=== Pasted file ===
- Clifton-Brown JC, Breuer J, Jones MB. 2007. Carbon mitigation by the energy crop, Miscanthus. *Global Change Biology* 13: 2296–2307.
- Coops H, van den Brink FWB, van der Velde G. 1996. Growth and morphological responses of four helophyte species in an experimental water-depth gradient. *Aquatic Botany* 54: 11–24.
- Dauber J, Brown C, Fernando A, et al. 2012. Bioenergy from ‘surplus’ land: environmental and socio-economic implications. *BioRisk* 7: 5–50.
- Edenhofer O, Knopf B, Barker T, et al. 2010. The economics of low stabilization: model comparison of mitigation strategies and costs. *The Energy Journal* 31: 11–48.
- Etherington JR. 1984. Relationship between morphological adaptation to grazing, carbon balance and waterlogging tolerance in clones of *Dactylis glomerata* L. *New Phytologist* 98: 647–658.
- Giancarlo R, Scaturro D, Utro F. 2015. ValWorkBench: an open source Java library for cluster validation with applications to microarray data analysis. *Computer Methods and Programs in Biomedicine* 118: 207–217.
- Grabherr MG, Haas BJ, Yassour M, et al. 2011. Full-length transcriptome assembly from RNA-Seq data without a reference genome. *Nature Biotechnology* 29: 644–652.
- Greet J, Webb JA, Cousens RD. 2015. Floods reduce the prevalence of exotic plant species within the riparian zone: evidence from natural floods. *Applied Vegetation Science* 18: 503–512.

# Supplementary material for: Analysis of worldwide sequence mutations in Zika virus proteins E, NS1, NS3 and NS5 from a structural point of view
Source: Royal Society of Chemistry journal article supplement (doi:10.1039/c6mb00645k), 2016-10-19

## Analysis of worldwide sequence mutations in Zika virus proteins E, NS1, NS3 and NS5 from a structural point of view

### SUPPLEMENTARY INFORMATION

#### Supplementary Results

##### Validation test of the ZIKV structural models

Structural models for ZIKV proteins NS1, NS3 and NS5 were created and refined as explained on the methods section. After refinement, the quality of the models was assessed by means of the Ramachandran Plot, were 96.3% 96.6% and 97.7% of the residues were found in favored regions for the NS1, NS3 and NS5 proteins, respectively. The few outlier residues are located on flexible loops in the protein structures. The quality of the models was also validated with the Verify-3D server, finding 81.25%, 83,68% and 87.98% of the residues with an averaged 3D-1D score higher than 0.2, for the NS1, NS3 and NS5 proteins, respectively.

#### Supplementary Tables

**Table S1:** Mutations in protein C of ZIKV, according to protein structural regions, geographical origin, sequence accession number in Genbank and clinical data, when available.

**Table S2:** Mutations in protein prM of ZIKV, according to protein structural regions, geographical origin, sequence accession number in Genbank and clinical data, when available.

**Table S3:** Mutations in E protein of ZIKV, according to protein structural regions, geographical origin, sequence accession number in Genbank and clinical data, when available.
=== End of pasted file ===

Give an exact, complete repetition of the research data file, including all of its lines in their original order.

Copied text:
- Clifton-Brown JC, Breuer J, Jones MB. 2007. Carbon mitigation by the energy crop, Miscanthus. *Global Change Biology* 13: 2296–2307.
- Coops H, van den Brink FWB, van der Velde G. 1996. Growth and morphological responses of four helophyte species in an experimental water-depth gradient. *Aquatic Botany* 54: 11–24.
- Dauber J, Brown C, Fernando A, et al. 2012. Bioenergy from ‘surplus’ land: environmental and socio-economic implications. *BioRisk* 7: 5–50.
- Edenhofer O, Knopf B, Barker T, et al. 2010. The economics of low stabilization: model comparison of mitigation strategies and costs. *The Energy Journal* 31: 11–48.
- Etherington JR. 1984. Relationship between morphological adaptation to grazing, carbon balance and waterlogging tolerance in clones of *Dactylis glomerata* L. *New Phytologist* 98: 647–658.
- Giancarlo R, Scaturro D, Utro F. 2015. ValWorkBench: an open source Java library for cluster validation with applications to microarray data analysis. *Computer Methods and Programs in Biomedicine* 118: 207–217.
- Grabherr MG, Haas BJ, Yassour M, et al. 2011. Full-length transcriptome assembly from RNA-Seq data without a reference genome. *Nature Biotechnology* 29: 644–652.
- Greet J, Webb JA, Cousens RD. 2015. Floods reduce the prevalence of exotic plant species within the riparian zone: evidence from natural floods. *Applied Vegetation Science* 18: 503–512.

# Supplementary material for: Analysis of worldwide sequence mutations in Zika virus proteins E, NS1, NS3 and NS5 from a structural point of view
Source: Royal Society of Chemistry journal article supplement (doi:10.1039/c6mb00645k), 2016-10-19

## Analysis of worldwide sequence mutations in Zika virus proteins E, NS1, NS3 and NS5 from a structural point of view

### SUPPLEMENTARY INFORMATION

#### Supplementary Results

##### Validation test of the ZIKV structural models

Structural models for ZIKV proteins NS1, NS3 and NS5 were created and refined as explained on the methods section. After refinement, the quality of the models was assessed by means of the Ramachandran Plot, were 96.3% 96.6% and 97.7% of the residues were found in favored regions for the NS1, NS3 and NS5 proteins, respectively. The few outlier residues are located on flexible loops in the protein structures. The quality of the models was also validated with the Verify-3D server, finding 81.25%, 83,68% and 87.98% of the residues with an averaged 3D-1D score higher than 0.2, for the NS1, NS3 and NS5 proteins, respectively.

#### Supplementary Tables

**Table S1:** Mutations in protein C of ZIKV, according to protein structural regions, geographical origin, sequence accession number in Genbank and clinical data, when available.

**Table S2:** Mutations in protein prM of ZIKV, according to protein structural regions, geographical origin, sequence accession number in Genbank and clinical data, when available.

**Table S3:** Mutations in E protein of ZIKV, according to protein structural regions, geographical origin, sequence accession number in Genbank and clinical data, when available.